Stem cells can also be taken from umbilical cord blood just after birth. Stem cells have the remarkable potential to turn into many different cell types within the body throughout formative years and growth. Additionally, in several tissues they function as a sort of internal repair system, dividing basically without any limit to replenish other cells as long as the person or animal continues to be alive. Once a stem cell divides, each newly developed cell has the potential to stay as a stem cell or become another variety of cell with a more specialised function, like a muscle cell, a red blood corpuscle, or a nerve cell. Stem-cell therapy is the use of stem cells to treat or cure a disease or condition. Bone marrow transplant is the most commonly used stem-cell therapy, however some therapies derived from umbilical cord blood also are in use. A stem cell transplant is a treatment for many forms of cancer. For instance, you might have one if you have leukaemia, myeloma, or some types of lymphoma. Doctors conjointly treat some blood diseases with stem cell transplants.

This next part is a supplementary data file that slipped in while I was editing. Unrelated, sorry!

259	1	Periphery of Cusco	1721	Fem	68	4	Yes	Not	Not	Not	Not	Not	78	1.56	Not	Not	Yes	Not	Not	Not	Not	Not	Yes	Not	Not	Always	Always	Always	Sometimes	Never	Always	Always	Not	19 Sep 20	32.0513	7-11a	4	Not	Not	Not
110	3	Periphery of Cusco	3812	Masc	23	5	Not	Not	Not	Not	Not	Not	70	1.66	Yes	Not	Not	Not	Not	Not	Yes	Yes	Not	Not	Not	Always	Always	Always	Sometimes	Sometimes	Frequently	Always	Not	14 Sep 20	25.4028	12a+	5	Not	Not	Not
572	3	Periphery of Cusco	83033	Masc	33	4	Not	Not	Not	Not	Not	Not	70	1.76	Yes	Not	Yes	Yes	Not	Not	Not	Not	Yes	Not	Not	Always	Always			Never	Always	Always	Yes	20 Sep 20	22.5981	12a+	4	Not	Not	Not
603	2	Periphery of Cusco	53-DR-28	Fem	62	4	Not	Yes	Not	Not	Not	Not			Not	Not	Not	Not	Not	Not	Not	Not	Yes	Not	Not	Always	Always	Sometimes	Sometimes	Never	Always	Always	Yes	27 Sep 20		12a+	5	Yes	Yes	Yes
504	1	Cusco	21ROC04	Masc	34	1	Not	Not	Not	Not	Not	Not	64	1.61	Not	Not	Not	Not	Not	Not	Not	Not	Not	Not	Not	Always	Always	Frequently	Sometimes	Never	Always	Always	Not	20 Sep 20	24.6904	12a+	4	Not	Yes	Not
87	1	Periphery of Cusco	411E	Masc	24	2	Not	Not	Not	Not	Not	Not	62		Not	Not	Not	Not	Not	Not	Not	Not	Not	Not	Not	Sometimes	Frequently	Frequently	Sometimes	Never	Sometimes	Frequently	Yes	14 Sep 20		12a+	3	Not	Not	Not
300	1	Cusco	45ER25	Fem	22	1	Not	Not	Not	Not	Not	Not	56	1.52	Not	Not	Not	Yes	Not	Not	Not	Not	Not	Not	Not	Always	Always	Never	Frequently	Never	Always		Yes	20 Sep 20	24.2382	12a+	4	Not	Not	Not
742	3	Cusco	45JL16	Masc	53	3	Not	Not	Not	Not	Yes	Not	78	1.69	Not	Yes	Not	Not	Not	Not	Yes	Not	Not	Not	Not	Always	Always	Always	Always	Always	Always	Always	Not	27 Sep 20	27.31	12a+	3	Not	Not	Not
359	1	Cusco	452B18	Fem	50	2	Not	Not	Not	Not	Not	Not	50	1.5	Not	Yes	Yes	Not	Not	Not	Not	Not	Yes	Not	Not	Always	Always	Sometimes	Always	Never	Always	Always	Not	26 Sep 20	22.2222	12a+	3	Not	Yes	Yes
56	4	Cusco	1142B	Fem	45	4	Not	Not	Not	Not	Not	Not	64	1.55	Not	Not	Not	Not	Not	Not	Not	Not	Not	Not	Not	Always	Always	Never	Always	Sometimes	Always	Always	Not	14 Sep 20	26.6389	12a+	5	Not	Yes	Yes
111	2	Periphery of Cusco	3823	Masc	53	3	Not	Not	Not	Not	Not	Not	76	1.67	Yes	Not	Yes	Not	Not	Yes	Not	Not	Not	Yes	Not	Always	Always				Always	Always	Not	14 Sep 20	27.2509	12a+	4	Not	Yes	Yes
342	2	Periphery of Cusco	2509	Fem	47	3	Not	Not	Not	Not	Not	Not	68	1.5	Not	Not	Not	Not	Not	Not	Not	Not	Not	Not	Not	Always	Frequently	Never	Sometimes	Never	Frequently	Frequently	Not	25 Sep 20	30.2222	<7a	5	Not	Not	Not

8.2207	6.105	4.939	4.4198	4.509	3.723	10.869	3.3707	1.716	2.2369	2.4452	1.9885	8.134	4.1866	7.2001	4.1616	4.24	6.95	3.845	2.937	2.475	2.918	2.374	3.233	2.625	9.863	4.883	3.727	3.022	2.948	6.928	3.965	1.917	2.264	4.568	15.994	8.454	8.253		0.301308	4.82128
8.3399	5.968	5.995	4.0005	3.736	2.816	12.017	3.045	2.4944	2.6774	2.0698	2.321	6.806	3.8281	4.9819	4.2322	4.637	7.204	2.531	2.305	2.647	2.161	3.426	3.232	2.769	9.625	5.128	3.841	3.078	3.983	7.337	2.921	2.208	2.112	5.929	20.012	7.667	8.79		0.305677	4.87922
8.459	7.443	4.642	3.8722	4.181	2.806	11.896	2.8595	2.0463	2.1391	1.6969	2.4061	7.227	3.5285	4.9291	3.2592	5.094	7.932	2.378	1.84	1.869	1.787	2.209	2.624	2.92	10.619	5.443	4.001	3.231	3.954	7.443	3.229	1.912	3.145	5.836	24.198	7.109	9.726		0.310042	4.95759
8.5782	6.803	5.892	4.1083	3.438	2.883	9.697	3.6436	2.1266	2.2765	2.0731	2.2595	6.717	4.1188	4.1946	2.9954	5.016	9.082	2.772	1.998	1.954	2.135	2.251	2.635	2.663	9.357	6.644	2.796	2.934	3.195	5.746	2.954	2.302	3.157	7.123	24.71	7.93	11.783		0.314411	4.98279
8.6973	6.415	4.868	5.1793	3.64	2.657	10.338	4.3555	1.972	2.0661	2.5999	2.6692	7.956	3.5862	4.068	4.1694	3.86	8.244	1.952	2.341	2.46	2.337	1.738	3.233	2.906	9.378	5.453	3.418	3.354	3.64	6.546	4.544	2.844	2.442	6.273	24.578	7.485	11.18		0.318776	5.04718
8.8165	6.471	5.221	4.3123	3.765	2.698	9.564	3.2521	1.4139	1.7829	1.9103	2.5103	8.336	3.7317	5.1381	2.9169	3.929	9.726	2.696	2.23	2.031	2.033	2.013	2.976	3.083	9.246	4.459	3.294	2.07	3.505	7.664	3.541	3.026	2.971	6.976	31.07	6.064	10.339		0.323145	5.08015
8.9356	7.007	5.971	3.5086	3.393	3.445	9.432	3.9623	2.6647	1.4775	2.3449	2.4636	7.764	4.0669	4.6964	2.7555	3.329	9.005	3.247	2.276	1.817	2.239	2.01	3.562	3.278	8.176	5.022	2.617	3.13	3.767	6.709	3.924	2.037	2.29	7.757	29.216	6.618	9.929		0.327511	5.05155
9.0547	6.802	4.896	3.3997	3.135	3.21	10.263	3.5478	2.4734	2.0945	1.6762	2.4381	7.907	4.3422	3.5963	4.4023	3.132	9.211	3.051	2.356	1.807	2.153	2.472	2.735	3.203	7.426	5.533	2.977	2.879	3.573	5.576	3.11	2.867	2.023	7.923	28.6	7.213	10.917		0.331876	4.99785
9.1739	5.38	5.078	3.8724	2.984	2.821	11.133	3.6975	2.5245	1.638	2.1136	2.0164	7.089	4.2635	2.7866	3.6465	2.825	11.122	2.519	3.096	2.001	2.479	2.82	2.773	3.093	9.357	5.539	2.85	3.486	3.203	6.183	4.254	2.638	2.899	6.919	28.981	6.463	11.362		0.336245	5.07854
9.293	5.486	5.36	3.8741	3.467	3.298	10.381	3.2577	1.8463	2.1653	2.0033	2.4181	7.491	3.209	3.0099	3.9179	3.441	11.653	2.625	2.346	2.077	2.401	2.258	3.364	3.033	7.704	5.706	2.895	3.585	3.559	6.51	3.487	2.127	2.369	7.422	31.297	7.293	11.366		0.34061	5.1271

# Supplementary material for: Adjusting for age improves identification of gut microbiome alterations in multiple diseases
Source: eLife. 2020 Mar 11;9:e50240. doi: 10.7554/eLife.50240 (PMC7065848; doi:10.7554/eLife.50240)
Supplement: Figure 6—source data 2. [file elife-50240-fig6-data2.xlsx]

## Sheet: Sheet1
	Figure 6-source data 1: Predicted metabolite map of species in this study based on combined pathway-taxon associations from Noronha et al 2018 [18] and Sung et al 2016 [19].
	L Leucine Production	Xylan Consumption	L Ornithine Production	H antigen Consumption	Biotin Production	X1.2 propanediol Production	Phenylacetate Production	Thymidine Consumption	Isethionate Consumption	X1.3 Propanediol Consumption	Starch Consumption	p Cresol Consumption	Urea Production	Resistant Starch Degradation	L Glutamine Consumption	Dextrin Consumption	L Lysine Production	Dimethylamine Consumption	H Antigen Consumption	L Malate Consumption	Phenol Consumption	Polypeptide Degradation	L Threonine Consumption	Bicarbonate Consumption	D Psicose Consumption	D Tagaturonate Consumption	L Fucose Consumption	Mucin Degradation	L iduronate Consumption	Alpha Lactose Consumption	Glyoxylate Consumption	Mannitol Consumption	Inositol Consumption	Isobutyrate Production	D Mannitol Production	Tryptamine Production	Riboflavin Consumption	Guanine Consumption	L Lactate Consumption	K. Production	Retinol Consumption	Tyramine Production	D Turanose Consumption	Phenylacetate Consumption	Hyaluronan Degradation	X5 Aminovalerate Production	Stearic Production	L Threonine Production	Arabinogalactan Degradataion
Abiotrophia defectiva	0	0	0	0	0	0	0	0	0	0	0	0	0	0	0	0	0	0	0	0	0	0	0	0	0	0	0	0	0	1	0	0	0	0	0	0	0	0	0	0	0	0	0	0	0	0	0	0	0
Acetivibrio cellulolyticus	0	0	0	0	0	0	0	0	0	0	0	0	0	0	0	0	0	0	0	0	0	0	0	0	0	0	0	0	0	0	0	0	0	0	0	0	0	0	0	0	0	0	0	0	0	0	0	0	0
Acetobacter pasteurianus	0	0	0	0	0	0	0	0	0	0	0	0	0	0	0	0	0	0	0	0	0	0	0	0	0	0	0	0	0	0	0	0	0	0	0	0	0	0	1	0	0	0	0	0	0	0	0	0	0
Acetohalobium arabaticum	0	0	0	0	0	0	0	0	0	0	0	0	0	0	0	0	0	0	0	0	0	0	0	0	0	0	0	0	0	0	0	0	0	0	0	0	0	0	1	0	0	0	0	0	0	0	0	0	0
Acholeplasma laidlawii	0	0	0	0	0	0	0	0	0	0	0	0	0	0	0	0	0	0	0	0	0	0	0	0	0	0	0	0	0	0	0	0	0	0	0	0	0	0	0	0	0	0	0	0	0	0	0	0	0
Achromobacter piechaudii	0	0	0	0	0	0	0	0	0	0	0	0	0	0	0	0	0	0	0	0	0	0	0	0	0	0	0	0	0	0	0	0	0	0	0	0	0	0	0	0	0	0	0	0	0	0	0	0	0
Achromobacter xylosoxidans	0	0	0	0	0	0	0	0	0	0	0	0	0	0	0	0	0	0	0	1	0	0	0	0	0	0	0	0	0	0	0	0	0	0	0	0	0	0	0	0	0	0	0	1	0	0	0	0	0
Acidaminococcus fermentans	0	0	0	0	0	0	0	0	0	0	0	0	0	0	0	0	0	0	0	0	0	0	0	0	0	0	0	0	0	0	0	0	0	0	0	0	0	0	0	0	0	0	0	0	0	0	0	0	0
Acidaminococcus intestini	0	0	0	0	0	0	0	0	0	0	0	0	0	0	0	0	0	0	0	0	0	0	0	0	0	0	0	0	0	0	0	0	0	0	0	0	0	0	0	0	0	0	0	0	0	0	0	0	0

Hematology nurses are specially trained to provide nursing care for patients with blood diseases or disorders. Some of the more commonly-known blood diseases and disorders a hematology nurse may encounter include: leukemia, lymphoma, sickle cell anemia and hemophilia. Hematology nurses initiate a plan of care to manage symptoms that result from such blood problems. Hematology nursing is often closely associated with oncology nursing, and some nurses will help patients with pain management if their cancer is particularly aggressive. Hematology nurses may work with adults only or specialize in working only with children. Their responsibilities include: taking medical histories, performing examinations, starting IVs and working with physicians to diagnose various blood diseases and disorders. Hematology nurses also educate patients and their families on how to live with and manage their blood disease. They may also assist with blood transfusions, blood tests, research and chemotherapy. Advanced practice hematology nurses have some prescriptive authority and can also order diagnostic lab work done.Hematology nurses are specially trained to provide nursing care for patients with blood diseases or disorders. Some of the more commonly-known blood diseases and disorders a hematology nurse may encounter include: leukemia, lymphoma, sickle cell anemia and hemophilia. Hematology nurses initiate a plan of care to manage symptoms that result from such blood problems. Hematology nursing is often closely associated with oncology nursing, and some nurses will help patients with pain management if their cancer is particularly aggressive. Hematology nurses may work with adults only or specialize in working only with children. Their responsibilities include: taking medical histories, performing examinations, starting IVs and working with physicians to diagnose various blood diseases and disorders. Hematology nurses also educate patients and their families on how to live with and manage their blood disease. They may also assist with blood transfusions, blood tests, research and chemotherapy. Advanced practice hematology nurses have some prescriptive authority and can also order diagnostic lab work done.